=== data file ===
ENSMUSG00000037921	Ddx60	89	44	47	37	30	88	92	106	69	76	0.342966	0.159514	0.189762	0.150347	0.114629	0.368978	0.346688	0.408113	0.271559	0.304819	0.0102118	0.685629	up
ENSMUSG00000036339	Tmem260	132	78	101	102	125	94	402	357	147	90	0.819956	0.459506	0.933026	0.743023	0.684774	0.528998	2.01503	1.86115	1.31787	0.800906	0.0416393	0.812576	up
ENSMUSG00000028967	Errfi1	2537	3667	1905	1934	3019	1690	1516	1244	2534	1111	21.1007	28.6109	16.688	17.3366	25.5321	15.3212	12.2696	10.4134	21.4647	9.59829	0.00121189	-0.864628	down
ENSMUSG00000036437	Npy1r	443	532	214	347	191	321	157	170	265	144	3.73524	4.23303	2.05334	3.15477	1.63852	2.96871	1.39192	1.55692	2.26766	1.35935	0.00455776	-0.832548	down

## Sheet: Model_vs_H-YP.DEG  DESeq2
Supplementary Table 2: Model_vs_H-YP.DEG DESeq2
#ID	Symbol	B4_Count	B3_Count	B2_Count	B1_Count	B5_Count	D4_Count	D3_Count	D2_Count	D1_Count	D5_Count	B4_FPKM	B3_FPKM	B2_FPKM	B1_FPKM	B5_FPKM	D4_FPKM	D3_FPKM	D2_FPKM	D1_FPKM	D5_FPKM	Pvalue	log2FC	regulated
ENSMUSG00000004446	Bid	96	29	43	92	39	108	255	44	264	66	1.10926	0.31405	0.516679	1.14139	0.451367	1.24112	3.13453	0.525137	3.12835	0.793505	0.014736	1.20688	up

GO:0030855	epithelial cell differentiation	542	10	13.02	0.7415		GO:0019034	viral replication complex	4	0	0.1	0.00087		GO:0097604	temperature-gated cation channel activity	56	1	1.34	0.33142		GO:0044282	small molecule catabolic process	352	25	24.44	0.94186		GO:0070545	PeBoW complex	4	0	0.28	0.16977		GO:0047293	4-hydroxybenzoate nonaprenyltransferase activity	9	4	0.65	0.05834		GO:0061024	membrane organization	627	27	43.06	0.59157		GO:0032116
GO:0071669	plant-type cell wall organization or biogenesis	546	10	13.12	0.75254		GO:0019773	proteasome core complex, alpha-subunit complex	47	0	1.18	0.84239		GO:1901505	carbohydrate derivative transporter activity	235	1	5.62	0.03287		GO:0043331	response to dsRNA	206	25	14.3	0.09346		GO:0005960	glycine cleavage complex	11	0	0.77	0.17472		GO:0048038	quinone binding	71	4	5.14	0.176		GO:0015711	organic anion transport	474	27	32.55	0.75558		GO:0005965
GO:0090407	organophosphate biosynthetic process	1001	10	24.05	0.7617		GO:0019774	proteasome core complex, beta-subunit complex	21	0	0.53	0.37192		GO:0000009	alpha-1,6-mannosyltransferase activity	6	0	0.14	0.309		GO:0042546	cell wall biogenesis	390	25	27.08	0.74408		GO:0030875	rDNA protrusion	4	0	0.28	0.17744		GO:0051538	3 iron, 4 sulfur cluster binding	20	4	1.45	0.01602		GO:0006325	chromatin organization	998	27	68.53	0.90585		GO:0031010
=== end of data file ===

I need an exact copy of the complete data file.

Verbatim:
ENSMUSG00000037921	Ddx60	89	44	47	37	30	88	92	106	69	76	0.342966	0.159514	0.189762	0.150347	0.114629	0.368978	0.346688	0.408113	0.271559	0.304819	0.0102118	0.685629	up
ENSMUSG00000036339	Tmem260	132	78	101	102	125	94	402	357	147	90	0.819956	0.459506	0.933026	0.743023	0.684774	0.528998	2.01503	1.86115	1.31787	0.800906	0.0416393	0.812576	up
ENSMUSG00000028967	Errfi1	2537	3667	1905	1934	3019	1690	1516	1244	2534	1111	21.1007	28.6109	16.688	17.3366	25.5321	15.3212	12.2696	10.4134	21.4647	9.59829	0.00121189	-0.864628	down
ENSMUSG00000036437	Npy1r	443	532	214	347	191	321	157	170	265	144	3.73524	4.23303	2.05334	3.15477	1.63852	2.96871	1.39192	1.55692	2.26766	1.35935	0.00455776	-0.832548	down

## Sheet: Model_vs_H-YP.DEG  DESeq2
Supplementary Table 2: Model_vs_H-YP.DEG DESeq2
#ID	Symbol	B4_Count	B3_Count	B2_Count	B1_Count	B5_Count	D4_Count	D3_Count	D2_Count	D1_Count	D5_Count	B4_FPKM	B3_FPKM	B2_FPKM	B1_FPKM	B5_FPKM	D4_FPKM	D3_FPKM	D2_FPKM	D1_FPKM	D5_FPKM	Pvalue	log2FC	regulated
ENSMUSG00000004446	Bid	96	29	43	92	39	108	255	44	264	66	1.10926	0.31405	0.516679	1.14139	0.451367	1.24112	3.13453	0.525137	3.12835	0.793505	0.014736	1.20688	up

GO:0030855	epithelial cell differentiation	542	10	13.02	0.7415		GO:0019034	viral replication complex	4	0	0.1	0.00087		GO:0097604	temperature-gated cation channel activity	56	1	1.34	0.33142		GO:0044282	small molecule catabolic process	352	25	24.44	0.94186		GO:0070545	PeBoW complex	4	0	0.28	0.16977		GO:0047293	4-hydroxybenzoate nonaprenyltransferase activity	9	4	0.65	0.05834		GO:0061024	membrane organization	627	27	43.06	0.59157		GO:0032116
GO:0071669	plant-type cell wall organization or biogenesis	546	10	13.12	0.75254		GO:0019773	proteasome core complex, alpha-subunit complex	47	0	1.18	0.84239		GO:1901505	carbohydrate derivative transporter activity	235	1	5.62	0.03287		GO:0043331	response to dsRNA	206	25	14.3	0.09346		GO:0005960	glycine cleavage complex	11	0	0.77	0.17472		GO:0048038	quinone binding	71	4	5.14	0.176		GO:0015711	organic anion transport	474	27	32.55	0.75558		GO:0005965
GO:0090407	organophosphate biosynthetic process	1001	10	24.05	0.7617		GO:0019774	proteasome core complex, beta-subunit complex	21	0	0.53	0.37192		GO:0000009	alpha-1,6-mannosyltransferase activity	6	0	0.14	0.309		GO:0042546	cell wall biogenesis	390	25	27.08	0.74408		GO:0030875	rDNA protrusion	4	0	0.28	0.17744		GO:0051538	3 iron, 4 sulfur cluster binding	20	4	1.45	0.01602		GO:0006325	chromatin organization	998	27	68.53	0.90585		GO:0031010